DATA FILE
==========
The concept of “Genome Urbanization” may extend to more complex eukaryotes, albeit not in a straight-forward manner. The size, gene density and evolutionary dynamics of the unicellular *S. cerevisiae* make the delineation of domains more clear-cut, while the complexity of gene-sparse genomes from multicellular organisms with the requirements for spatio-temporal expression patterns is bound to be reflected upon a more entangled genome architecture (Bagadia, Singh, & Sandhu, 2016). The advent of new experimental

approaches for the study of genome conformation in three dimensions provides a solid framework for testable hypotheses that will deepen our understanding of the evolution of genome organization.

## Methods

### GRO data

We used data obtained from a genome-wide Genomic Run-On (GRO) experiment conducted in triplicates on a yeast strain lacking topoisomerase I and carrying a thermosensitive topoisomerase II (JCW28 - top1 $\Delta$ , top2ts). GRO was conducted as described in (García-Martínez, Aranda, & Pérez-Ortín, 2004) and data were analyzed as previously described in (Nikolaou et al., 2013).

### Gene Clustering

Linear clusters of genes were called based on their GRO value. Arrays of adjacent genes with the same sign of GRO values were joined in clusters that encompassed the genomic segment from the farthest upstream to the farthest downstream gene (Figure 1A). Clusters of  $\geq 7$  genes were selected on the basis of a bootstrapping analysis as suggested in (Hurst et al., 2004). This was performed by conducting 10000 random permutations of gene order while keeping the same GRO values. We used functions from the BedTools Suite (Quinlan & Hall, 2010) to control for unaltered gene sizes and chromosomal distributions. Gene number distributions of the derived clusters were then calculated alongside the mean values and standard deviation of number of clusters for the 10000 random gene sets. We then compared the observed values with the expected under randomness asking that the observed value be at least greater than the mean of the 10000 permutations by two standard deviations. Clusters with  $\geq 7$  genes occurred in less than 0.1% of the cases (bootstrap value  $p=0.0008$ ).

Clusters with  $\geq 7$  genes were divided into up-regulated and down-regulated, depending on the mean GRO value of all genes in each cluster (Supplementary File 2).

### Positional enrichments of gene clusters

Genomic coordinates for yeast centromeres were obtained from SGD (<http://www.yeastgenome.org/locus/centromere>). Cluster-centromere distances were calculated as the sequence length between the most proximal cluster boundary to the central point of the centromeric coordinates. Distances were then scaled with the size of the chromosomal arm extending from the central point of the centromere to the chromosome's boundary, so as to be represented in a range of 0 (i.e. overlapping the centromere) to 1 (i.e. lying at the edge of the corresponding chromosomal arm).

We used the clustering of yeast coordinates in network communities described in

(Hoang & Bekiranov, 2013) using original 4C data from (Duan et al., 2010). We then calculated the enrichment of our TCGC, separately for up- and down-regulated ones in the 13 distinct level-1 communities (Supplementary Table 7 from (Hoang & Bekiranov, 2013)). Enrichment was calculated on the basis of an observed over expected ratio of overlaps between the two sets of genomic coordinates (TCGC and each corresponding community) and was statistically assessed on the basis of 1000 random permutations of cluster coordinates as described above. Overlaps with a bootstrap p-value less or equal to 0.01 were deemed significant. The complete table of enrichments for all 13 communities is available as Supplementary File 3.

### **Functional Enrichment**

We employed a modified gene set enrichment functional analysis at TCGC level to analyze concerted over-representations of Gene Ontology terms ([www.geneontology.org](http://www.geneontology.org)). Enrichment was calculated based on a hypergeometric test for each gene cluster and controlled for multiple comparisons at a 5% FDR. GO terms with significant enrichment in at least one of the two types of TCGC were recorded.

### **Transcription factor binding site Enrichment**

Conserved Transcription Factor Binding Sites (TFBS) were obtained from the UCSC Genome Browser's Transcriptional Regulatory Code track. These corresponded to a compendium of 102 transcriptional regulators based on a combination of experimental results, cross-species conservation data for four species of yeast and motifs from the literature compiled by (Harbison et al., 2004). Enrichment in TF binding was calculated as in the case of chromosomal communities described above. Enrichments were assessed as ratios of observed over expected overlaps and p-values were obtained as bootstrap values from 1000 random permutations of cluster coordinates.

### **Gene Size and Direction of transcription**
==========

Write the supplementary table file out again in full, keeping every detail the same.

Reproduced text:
The concept of “Genome Urbanization” may extend to more complex eukaryotes, albeit not in a straight-forward manner. The size, gene density and evolutionary dynamics of the unicellular *S. cerevisiae* make the delineation of domains more clear-cut, while the complexity of gene-sparse genomes from multicellular organisms with the requirements for spatio-temporal expression patterns is bound to be reflected upon a more entangled genome architecture (Bagadia, Singh, & Sandhu, 2016). The advent of new experimental

approaches for the study of genome conformation in three dimensions provides a solid framework for testable hypotheses that will deepen our understanding of the evolution of genome organization.

## Methods

### GRO data

We used data obtained from a genome-wide Genomic Run-On (GRO) experiment conducted in triplicates on a yeast strain lacking topoisomerase I and carrying a thermosensitive topoisomerase II (JCW28 - top1 $\Delta$ , top2ts). GRO was conducted as described in (García-Martínez, Aranda, & Pérez-Ortín, 2004) and data were analyzed as previously described in (Nikolaou et al., 2013).

### Gene Clustering

Linear clusters of genes were called based on their GRO value. Arrays of adjacent genes with the same sign of GRO values were joined in clusters that encompassed the genomic segment from the farthest upstream to the farthest downstream gene (Figure 1A). Clusters of  $\geq 7$  genes were selected on the basis of a bootstrapping analysis as suggested in (Hurst et al., 2004). This was performed by conducting 10000 random permutations of gene order while keeping the same GRO values. We used functions from the BedTools Suite (Quinlan & Hall, 2010) to control for unaltered gene sizes and chromosomal distributions. Gene number distributions of the derived clusters were then calculated alongside the mean values and standard deviation of number of clusters for the 10000 random gene sets. We then compared the observed values with the expected under randomness asking that the observed value be at least greater than the mean of the 10000 permutations by two standard deviations. Clusters with  $\geq 7$  genes occurred in less than 0.1% of the cases (bootstrap value  $p=0.0008$ ).

Clusters with  $\geq 7$  genes were divided into up-regulated and down-regulated, depending on the mean GRO value of all genes in each cluster (Supplementary File 2).

### Positional enrichments of gene clusters

Genomic coordinates for yeast centromeres were obtained from SGD (<http://www.yeastgenome.org/locus/centromere>). Cluster-centromere distances were calculated as the sequence length between the most proximal cluster boundary to the central point of the centromeric coordinates. Distances were then scaled with the size of the chromosomal arm extending from the central point of the centromere to the chromosome's boundary, so as to be represented in a range of 0 (i.e. overlapping the centromere) to 1 (i.e. lying at the edge of the corresponding chromosomal arm).

We used the clustering of yeast coordinates in network communities described in

(Hoang & Bekiranov, 2013) using original 4C data from (Duan et al., 2010). We then calculated the enrichment of our TCGC, separately for up- and down-regulated ones in the 13 distinct level-1 communities (Supplementary Table 7 from (Hoang & Bekiranov, 2013)). Enrichment was calculated on the basis of an observed over expected ratio of overlaps between the two sets of genomic coordinates (TCGC and each corresponding community) and was statistically assessed on the basis of 1000 random permutations of cluster coordinates as described above. Overlaps with a bootstrap p-value less or equal to 0.01 were deemed significant. The complete table of enrichments for all 13 communities is available as Supplementary File 3.

### **Functional Enrichment**

We employed a modified gene set enrichment functional analysis at TCGC level to analyze concerted over-representations of Gene Ontology terms ([www.geneontology.org](http://www.geneontology.org)). Enrichment was calculated based on a hypergeometric test for each gene cluster and controlled for multiple comparisons at a 5% FDR. GO terms with significant enrichment in at least one of the two types of TCGC were recorded.

### **Transcription factor binding site Enrichment**

Conserved Transcription Factor Binding Sites (TFBS) were obtained from the UCSC Genome Browser's Transcriptional Regulatory Code track. These corresponded to a compendium of 102 transcriptional regulators based on a combination of experimental results, cross-species conservation data for four species of yeast and motifs from the literature compiled by (Harbison et al., 2004). Enrichment in TF binding was calculated as in the case of chromosomal communities described above. Enrichments were assessed as ratios of observed over expected overlaps and p-values were obtained as bootstrap values from 1000 random permutations of cluster coordinates.

### **Gene Size and Direction of transcription**